No. of Recommendations: 3
"Have you considered a variable annuity? She could put the principle in the fixed account currently paying about 3% in the New York Life annuities that I'm familiar with. She could sweep the interest into mutual funds of her liking and risk tolerance. The money would grow tax deferred and her principle would be guaranteed. She could annuitize in the future, do partial surrenders of up to 10%, or take out the gain without surrender charges if she needed the money at some point. There are lot's of other features, some of which are free and others that cost. I'd look into one for at least some of your mother's money. "

"Annuitizing" one's remaining capital is a good way of extending one's year-to-zero date. But, except in some cases where a gift to charity in exchange for income-for-life has a tax pay-off (not applicable to Mother Splotto), there's no reason for taking this route until actually reaching the point where one can no longer live off the returns, alone, and is forced to break into principle. And, if one has a son (or daughter or Dutch Uncle) who is willing to add to one's savings in exchange for inheritance, this accomplishes the same goal, without leaving the remnants to some insurance company, if one doesn't outlive the actuarials. (Since the actuarials build in profit and expenses, the break-even age for an offspring as "annuitizer" would be several years older than for the insurance company.)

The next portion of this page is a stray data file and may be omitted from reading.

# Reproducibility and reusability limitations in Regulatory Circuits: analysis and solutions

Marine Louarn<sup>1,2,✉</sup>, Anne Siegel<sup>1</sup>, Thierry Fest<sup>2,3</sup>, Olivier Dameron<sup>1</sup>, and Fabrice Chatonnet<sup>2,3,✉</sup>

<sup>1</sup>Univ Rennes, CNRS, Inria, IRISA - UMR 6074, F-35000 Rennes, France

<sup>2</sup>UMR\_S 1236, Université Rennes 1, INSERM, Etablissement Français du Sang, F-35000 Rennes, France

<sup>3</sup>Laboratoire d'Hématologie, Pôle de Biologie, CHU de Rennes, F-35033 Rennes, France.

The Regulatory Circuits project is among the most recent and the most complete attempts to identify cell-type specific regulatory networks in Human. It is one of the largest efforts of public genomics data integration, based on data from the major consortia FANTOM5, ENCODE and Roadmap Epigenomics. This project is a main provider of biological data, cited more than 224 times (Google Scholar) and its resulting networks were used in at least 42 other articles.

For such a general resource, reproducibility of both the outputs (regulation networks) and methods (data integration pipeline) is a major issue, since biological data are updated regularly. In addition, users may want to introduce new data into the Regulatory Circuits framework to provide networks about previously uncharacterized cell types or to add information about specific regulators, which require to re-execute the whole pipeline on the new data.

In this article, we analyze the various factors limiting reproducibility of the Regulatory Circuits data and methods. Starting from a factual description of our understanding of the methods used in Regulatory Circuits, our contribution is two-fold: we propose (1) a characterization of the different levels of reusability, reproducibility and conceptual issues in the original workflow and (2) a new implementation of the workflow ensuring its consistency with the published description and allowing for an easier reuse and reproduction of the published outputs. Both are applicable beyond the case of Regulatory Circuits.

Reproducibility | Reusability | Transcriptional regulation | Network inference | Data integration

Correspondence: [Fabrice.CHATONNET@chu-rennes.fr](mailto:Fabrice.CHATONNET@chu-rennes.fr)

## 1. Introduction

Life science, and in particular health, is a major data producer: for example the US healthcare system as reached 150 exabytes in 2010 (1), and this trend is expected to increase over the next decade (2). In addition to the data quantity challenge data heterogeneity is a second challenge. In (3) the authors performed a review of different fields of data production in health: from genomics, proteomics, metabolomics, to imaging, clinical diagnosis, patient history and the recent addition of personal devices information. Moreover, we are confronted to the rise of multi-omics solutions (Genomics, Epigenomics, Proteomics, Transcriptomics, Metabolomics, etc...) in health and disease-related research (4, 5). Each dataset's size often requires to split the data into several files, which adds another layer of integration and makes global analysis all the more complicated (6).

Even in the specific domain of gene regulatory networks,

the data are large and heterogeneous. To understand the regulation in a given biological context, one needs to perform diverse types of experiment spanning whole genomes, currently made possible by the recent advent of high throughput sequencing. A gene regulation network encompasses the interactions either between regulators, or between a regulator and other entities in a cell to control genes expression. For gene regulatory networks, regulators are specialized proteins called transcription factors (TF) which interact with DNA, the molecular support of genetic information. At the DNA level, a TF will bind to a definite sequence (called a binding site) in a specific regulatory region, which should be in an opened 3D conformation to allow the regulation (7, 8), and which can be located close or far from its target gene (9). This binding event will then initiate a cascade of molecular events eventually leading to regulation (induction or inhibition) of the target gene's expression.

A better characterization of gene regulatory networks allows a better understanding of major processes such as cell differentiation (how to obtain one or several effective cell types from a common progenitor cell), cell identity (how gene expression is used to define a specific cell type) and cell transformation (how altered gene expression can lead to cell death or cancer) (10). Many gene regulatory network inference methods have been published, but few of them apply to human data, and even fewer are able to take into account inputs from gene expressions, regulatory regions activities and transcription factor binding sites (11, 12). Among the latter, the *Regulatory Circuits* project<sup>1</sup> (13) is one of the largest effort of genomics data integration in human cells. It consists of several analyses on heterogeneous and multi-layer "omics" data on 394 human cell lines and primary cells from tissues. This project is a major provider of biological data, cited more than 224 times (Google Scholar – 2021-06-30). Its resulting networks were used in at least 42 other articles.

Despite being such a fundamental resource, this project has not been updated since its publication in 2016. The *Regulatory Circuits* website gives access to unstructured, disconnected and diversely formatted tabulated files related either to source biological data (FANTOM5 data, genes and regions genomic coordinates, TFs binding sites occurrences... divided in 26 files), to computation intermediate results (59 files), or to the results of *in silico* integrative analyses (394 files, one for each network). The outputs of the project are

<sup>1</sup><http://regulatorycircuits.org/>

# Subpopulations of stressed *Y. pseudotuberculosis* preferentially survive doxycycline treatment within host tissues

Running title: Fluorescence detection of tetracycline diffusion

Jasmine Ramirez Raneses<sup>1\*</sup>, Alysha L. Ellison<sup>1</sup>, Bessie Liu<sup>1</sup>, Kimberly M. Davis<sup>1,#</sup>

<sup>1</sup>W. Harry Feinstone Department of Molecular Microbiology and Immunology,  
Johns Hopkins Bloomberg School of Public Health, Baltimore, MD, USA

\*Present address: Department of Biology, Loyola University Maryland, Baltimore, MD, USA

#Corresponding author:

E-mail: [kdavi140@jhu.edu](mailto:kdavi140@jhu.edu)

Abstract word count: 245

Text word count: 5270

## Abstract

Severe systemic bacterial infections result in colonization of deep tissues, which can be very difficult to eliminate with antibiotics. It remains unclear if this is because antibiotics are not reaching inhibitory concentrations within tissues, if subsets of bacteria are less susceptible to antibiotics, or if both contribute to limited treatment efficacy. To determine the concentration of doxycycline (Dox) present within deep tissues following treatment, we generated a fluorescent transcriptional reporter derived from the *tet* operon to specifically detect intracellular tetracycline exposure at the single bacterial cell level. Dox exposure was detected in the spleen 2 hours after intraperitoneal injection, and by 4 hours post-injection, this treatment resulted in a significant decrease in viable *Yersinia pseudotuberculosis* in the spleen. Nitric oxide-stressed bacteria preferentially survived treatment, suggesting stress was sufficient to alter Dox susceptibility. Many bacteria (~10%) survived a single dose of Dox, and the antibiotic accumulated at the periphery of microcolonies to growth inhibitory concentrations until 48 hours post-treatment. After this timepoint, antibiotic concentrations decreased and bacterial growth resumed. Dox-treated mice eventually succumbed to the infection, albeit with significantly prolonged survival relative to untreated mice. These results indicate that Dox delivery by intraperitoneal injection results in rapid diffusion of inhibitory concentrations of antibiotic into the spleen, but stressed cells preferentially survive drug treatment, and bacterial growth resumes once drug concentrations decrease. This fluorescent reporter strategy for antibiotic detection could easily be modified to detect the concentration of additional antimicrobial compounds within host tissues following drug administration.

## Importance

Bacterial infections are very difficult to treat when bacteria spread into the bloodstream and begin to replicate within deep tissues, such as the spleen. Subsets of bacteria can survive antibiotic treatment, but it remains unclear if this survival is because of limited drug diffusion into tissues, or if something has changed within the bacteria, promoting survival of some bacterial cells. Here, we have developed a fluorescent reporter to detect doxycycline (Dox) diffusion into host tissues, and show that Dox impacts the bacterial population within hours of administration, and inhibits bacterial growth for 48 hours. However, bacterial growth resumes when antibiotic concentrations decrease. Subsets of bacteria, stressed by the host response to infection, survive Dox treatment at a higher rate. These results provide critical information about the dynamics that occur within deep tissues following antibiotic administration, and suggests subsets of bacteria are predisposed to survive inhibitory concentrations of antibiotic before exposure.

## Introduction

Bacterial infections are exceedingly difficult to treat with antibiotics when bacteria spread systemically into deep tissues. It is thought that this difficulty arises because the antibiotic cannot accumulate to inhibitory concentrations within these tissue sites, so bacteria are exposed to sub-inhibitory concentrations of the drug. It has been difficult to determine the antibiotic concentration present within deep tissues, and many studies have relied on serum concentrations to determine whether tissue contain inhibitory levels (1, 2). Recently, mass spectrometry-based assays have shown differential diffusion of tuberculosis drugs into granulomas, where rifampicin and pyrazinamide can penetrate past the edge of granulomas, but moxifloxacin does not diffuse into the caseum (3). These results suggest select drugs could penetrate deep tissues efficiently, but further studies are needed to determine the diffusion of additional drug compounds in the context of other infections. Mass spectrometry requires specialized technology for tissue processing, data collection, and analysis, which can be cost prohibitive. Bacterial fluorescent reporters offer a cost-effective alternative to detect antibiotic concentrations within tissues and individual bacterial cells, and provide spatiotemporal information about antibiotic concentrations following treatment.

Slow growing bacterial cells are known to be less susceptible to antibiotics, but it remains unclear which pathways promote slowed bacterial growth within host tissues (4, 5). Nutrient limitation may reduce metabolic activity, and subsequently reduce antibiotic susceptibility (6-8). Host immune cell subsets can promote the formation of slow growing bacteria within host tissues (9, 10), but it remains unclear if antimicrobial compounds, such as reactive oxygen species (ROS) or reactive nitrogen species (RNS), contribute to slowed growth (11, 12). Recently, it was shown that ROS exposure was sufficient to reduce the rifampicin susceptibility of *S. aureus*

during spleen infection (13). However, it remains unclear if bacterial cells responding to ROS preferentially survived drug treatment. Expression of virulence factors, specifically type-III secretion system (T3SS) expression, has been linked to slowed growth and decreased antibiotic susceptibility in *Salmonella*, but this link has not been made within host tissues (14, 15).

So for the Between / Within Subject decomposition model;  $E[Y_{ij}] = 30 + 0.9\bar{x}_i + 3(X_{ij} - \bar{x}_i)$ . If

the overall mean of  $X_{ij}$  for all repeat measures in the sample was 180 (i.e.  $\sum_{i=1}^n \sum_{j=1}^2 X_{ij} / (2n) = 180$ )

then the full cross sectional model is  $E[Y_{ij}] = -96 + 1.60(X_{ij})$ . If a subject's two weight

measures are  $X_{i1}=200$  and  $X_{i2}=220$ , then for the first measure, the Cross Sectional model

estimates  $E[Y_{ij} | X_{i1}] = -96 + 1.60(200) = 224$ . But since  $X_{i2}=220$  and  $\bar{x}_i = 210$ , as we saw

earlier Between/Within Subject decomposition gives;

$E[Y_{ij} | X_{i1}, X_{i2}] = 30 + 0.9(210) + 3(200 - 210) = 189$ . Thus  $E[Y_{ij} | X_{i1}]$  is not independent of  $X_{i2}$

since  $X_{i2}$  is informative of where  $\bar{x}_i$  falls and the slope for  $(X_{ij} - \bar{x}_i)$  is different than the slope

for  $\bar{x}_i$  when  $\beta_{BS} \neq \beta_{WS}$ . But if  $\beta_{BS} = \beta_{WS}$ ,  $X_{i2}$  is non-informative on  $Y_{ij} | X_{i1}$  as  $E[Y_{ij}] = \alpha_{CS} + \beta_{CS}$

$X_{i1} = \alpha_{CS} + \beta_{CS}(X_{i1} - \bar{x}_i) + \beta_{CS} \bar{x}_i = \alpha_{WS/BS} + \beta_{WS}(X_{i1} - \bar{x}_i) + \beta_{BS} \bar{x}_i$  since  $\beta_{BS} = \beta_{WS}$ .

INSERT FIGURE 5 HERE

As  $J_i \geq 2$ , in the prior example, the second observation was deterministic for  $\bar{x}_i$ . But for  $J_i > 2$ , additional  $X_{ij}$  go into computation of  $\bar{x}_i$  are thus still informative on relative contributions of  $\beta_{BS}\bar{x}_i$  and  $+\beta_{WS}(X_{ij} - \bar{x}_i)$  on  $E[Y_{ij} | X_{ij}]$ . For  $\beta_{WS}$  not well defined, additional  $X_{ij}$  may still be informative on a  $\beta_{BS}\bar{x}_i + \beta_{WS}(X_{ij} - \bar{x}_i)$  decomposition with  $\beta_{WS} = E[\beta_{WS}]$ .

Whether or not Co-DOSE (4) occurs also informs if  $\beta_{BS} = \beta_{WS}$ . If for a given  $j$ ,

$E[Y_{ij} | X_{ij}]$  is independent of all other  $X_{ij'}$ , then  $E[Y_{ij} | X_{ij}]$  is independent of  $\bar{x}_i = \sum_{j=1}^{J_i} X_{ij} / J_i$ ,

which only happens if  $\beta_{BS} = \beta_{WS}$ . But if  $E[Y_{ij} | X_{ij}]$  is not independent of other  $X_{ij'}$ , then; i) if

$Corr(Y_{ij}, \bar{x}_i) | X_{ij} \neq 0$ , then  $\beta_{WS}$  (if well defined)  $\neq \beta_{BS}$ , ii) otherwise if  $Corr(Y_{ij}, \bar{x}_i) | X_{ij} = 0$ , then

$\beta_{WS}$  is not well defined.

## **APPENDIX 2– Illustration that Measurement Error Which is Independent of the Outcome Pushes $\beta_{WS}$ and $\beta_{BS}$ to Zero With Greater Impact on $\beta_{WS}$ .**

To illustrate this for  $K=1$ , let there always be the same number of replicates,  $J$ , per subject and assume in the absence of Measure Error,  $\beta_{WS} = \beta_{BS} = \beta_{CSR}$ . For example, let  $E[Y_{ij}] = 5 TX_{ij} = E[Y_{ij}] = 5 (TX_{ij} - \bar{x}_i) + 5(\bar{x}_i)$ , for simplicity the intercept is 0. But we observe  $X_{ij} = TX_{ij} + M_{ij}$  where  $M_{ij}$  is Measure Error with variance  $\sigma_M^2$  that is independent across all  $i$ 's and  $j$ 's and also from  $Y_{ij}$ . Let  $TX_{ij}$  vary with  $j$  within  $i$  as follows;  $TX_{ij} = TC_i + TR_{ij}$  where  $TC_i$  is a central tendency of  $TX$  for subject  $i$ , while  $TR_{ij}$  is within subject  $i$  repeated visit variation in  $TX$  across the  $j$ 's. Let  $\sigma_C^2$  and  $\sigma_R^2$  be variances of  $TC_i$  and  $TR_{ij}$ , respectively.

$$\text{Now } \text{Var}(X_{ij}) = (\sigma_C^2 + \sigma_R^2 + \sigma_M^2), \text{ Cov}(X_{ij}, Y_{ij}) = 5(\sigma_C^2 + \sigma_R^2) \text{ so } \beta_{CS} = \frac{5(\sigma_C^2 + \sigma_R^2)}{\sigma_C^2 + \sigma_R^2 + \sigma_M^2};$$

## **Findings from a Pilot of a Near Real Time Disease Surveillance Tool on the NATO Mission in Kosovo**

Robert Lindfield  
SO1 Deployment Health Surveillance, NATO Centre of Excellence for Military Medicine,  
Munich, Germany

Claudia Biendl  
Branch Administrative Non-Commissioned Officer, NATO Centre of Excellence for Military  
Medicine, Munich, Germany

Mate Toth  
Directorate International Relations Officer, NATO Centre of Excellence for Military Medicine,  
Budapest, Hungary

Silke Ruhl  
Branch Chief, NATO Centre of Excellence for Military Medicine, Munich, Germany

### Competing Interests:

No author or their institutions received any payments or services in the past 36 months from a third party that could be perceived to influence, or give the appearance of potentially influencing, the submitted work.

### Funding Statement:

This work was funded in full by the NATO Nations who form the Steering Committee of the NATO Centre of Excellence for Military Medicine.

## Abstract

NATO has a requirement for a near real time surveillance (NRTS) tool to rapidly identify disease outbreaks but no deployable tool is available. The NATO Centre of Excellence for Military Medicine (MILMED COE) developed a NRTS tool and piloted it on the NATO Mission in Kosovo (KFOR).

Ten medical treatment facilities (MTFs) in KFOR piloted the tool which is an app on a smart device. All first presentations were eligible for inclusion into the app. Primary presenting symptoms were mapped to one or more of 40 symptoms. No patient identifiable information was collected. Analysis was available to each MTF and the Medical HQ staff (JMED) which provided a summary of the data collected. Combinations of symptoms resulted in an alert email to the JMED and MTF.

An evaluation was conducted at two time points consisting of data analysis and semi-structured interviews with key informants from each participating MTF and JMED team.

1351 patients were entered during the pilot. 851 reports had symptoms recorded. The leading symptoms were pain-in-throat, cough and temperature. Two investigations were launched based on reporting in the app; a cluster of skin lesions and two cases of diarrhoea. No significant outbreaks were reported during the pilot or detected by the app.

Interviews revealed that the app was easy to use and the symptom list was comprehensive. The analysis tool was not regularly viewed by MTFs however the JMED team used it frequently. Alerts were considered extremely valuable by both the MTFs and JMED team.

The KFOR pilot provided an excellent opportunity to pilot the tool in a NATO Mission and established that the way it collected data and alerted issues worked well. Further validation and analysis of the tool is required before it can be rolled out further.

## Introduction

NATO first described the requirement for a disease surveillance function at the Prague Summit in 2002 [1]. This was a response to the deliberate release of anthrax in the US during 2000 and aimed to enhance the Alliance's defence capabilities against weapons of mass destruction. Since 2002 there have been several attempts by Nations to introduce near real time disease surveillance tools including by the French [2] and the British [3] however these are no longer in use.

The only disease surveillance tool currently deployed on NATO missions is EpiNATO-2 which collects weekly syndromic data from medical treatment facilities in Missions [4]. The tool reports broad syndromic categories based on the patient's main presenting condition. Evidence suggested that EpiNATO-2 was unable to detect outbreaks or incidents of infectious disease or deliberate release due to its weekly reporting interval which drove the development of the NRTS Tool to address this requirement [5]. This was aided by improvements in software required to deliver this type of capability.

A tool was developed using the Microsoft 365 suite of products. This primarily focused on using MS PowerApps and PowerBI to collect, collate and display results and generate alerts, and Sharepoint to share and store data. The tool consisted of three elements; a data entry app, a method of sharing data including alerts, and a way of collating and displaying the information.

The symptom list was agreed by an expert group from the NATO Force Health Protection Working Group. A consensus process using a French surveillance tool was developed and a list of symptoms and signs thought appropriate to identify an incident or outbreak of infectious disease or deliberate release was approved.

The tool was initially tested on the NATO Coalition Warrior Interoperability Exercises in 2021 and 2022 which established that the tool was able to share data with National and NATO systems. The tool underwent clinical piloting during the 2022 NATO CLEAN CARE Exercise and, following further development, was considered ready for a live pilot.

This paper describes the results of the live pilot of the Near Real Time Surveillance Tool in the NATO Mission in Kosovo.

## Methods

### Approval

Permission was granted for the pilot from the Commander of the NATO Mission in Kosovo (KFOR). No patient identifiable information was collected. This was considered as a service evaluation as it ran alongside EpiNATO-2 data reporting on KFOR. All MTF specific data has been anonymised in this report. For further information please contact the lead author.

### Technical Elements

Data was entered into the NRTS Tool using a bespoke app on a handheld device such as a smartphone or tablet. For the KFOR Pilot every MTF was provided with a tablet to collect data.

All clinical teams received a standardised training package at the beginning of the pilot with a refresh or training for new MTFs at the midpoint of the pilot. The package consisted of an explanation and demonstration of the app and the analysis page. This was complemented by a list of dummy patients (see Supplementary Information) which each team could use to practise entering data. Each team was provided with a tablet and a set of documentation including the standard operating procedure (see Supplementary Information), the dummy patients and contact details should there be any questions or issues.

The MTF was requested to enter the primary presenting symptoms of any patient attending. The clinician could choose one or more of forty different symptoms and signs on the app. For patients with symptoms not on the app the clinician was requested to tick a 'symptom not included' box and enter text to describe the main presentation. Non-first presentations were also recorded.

The more I read by those not actually selling after-tax annuities, the less reason I see why anyone but a few in special tax circumstances would want to use them, especialy those getting up there in years, who don't have enough time left for the tax delay to make up for added expenses. The tax changes make this all the more true for any variable annuity holding stocks, and I'm yet to see any after-tax fixed annuity that's offering a rate good enough to prefer it to an FDIC insured CD (or an EE bond, if you're young enough for the tax deferral to pay off).

Vanguard and TIAA-Cref are known for low expenses on their variable annuities, but if you run a comparison between the same bond fund offered as a regular fund and as a variable annuity, for someone in a middle class tax bracket, it takes almost 20 years before the tax deferral advantage catches up with the higher expense ratio for the annuity. With someone like Mother Splotto in a bottom tax bracket, I doubt it would ever catch up. Of course, when you talk about something that generates low annual taxes, especially with dividends now being tax-advantaged, such as an index fund, the higher expense ratio for the annuity version of the fund makes it unlikely that the annuity will ever catch up, even for the young and wealthy, let along for the aging and not-wealthy. I really wish I knew why Vanguard, which usually is pretty up-front with information, is increasing its offerings of stock funds available for annuities.
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